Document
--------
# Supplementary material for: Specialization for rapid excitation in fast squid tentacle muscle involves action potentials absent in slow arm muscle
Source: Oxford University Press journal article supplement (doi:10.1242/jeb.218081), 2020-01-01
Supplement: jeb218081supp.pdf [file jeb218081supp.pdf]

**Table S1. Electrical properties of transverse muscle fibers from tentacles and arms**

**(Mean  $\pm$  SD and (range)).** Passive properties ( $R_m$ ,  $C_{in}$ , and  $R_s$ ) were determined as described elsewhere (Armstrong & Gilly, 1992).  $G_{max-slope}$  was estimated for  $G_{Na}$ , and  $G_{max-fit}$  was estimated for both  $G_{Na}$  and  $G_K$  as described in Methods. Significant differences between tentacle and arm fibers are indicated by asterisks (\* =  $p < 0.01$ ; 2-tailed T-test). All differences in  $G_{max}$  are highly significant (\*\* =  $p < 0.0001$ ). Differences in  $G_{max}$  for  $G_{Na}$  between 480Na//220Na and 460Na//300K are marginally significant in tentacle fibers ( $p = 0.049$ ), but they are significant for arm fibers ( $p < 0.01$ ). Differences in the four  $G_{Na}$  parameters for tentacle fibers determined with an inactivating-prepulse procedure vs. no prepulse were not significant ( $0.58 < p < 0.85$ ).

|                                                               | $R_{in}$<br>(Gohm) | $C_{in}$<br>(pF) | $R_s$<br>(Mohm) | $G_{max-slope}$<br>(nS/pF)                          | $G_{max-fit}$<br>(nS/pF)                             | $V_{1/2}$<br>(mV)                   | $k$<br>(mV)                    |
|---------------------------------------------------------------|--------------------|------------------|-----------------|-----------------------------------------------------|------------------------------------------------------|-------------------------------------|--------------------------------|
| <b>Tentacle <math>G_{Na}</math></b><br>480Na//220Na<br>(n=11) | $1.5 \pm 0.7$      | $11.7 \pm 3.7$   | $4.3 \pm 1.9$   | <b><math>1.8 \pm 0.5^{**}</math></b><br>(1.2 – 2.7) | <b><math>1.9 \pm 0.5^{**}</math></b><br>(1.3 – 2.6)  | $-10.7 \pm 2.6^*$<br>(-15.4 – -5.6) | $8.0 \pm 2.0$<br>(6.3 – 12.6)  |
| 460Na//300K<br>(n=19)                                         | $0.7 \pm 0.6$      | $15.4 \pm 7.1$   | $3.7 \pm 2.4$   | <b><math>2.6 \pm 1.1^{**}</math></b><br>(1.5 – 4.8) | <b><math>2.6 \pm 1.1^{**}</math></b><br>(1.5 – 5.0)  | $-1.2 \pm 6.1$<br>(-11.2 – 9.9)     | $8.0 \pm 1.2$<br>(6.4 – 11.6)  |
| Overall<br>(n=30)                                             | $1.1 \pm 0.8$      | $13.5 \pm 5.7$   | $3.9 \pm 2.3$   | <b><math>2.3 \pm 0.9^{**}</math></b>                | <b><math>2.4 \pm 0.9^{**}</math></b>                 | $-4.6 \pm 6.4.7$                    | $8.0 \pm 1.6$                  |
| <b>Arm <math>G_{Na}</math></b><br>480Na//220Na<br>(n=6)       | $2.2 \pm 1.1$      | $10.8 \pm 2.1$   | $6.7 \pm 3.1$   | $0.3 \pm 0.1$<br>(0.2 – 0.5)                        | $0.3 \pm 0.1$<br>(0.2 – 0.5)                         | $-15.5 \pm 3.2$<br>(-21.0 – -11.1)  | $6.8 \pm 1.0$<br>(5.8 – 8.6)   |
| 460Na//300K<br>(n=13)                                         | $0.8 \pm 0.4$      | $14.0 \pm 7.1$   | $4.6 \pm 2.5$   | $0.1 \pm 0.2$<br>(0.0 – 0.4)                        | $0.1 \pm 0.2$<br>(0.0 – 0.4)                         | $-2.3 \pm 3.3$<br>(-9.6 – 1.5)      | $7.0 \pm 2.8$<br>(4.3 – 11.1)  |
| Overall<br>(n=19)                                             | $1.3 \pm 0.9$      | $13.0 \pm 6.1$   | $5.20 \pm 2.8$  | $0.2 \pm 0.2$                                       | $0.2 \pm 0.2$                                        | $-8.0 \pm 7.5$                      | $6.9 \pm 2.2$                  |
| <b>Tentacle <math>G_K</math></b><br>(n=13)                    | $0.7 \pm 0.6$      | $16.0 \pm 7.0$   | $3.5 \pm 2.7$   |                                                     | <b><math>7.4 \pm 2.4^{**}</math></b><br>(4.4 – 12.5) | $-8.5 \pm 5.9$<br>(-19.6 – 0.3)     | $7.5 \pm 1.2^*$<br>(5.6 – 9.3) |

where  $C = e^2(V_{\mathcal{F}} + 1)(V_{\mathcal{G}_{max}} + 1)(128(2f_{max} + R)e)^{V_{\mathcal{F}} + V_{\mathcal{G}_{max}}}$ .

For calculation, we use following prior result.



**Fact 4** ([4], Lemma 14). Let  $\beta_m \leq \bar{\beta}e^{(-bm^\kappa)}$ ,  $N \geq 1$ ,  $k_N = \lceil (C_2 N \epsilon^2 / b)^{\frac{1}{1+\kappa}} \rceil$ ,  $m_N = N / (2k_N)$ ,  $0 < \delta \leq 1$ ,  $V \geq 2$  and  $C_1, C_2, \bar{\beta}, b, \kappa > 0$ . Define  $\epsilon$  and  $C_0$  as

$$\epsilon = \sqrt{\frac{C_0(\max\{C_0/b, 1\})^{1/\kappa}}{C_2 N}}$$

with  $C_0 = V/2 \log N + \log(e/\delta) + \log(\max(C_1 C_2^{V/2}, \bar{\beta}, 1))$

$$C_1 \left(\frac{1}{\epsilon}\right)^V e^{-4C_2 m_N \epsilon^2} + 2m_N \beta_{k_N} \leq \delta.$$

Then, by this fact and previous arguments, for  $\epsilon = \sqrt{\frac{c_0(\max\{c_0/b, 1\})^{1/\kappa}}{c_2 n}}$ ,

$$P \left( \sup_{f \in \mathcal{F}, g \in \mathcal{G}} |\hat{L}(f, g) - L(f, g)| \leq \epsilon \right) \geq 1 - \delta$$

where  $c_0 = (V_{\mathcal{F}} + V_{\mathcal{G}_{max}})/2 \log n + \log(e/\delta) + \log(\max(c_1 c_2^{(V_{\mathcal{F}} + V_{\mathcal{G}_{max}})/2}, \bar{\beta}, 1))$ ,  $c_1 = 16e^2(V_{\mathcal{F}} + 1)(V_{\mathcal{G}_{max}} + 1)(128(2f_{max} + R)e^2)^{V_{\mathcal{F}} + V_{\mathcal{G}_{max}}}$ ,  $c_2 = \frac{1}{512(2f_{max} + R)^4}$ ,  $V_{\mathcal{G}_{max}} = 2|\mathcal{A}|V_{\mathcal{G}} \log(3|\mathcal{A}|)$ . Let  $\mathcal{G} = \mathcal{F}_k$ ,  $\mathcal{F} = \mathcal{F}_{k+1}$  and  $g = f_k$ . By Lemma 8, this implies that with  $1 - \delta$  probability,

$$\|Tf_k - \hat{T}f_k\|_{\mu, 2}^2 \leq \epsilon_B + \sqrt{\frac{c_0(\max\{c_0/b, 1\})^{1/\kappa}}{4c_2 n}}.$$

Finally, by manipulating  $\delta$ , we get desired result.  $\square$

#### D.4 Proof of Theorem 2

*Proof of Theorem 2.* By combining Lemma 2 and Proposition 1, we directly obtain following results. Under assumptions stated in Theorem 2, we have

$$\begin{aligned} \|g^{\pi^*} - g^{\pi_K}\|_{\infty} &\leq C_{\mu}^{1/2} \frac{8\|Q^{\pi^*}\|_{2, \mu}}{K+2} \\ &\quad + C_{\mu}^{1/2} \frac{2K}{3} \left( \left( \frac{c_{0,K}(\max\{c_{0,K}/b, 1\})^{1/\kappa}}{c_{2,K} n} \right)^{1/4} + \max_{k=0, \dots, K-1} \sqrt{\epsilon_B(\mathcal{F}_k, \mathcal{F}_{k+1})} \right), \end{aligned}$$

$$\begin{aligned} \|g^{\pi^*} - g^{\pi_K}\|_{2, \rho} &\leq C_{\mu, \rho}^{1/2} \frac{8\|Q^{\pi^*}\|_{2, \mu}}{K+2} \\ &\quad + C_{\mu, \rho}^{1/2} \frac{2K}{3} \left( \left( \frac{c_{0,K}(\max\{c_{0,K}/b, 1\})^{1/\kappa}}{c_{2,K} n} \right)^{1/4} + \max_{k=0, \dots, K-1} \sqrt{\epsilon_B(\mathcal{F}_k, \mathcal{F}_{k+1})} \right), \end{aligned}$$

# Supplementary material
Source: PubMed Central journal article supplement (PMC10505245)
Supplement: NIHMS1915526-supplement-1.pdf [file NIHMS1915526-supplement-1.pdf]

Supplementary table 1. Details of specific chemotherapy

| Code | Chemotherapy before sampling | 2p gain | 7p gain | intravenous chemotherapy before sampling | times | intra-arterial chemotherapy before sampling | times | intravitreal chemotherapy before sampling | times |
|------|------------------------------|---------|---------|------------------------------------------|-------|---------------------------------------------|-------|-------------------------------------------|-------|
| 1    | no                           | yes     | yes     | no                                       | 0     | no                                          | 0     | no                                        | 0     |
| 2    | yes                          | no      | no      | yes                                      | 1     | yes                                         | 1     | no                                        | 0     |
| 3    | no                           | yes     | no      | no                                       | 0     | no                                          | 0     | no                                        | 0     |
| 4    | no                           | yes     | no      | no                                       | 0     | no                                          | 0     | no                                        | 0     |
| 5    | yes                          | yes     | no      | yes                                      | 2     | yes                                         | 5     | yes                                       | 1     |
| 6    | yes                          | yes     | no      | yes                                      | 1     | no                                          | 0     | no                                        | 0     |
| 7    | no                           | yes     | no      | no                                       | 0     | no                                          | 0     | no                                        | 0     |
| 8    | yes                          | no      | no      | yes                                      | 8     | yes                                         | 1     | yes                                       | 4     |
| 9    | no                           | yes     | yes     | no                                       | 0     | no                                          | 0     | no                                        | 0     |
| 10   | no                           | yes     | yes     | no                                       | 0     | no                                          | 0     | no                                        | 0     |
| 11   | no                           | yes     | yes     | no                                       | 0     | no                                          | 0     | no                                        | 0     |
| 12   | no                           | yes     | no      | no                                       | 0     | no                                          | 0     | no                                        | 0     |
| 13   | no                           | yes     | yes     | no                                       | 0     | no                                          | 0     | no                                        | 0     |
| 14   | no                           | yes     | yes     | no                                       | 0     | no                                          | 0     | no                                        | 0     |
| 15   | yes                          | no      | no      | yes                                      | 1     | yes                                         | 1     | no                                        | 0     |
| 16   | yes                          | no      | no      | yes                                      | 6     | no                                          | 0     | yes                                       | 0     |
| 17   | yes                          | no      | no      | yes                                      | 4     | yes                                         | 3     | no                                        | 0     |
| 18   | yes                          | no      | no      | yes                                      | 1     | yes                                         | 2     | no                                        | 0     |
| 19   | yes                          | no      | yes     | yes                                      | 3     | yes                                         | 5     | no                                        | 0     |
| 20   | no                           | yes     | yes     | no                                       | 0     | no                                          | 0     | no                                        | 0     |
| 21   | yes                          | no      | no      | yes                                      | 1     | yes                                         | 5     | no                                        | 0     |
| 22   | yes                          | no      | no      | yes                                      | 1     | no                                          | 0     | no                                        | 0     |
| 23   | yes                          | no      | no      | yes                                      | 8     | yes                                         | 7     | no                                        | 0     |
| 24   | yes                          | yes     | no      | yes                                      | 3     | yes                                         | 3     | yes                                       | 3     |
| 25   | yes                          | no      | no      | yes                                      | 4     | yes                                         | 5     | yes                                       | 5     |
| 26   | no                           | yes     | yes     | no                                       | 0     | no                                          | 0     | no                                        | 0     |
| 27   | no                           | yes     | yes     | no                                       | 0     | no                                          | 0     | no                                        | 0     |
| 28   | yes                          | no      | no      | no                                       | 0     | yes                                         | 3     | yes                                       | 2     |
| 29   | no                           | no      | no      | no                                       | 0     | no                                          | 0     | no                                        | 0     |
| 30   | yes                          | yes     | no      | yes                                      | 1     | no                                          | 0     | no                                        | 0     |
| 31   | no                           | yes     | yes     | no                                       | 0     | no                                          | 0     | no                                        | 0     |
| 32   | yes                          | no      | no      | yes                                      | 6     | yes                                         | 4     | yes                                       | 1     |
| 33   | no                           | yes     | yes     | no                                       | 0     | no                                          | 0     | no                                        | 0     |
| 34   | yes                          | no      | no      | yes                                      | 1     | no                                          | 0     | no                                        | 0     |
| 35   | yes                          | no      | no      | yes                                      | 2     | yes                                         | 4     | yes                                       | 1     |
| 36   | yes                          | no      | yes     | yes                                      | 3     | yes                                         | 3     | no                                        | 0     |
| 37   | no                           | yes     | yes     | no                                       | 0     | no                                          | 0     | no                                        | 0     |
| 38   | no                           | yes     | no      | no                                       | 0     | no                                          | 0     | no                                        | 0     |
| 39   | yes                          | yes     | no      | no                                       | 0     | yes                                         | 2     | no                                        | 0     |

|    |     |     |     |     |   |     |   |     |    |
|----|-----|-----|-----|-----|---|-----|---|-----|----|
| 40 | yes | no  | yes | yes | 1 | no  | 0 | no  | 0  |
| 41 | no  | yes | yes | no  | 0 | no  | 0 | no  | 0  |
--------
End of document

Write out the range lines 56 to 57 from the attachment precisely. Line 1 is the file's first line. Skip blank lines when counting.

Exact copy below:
| 21   | yes                          | no      | no      | yes                                      | 1     | yes                                         | 5     | no                                        | 0     |
| 22   | yes                          | no      | no      | yes                                      | 1     | no                                          | 0     | no                                        | 0     |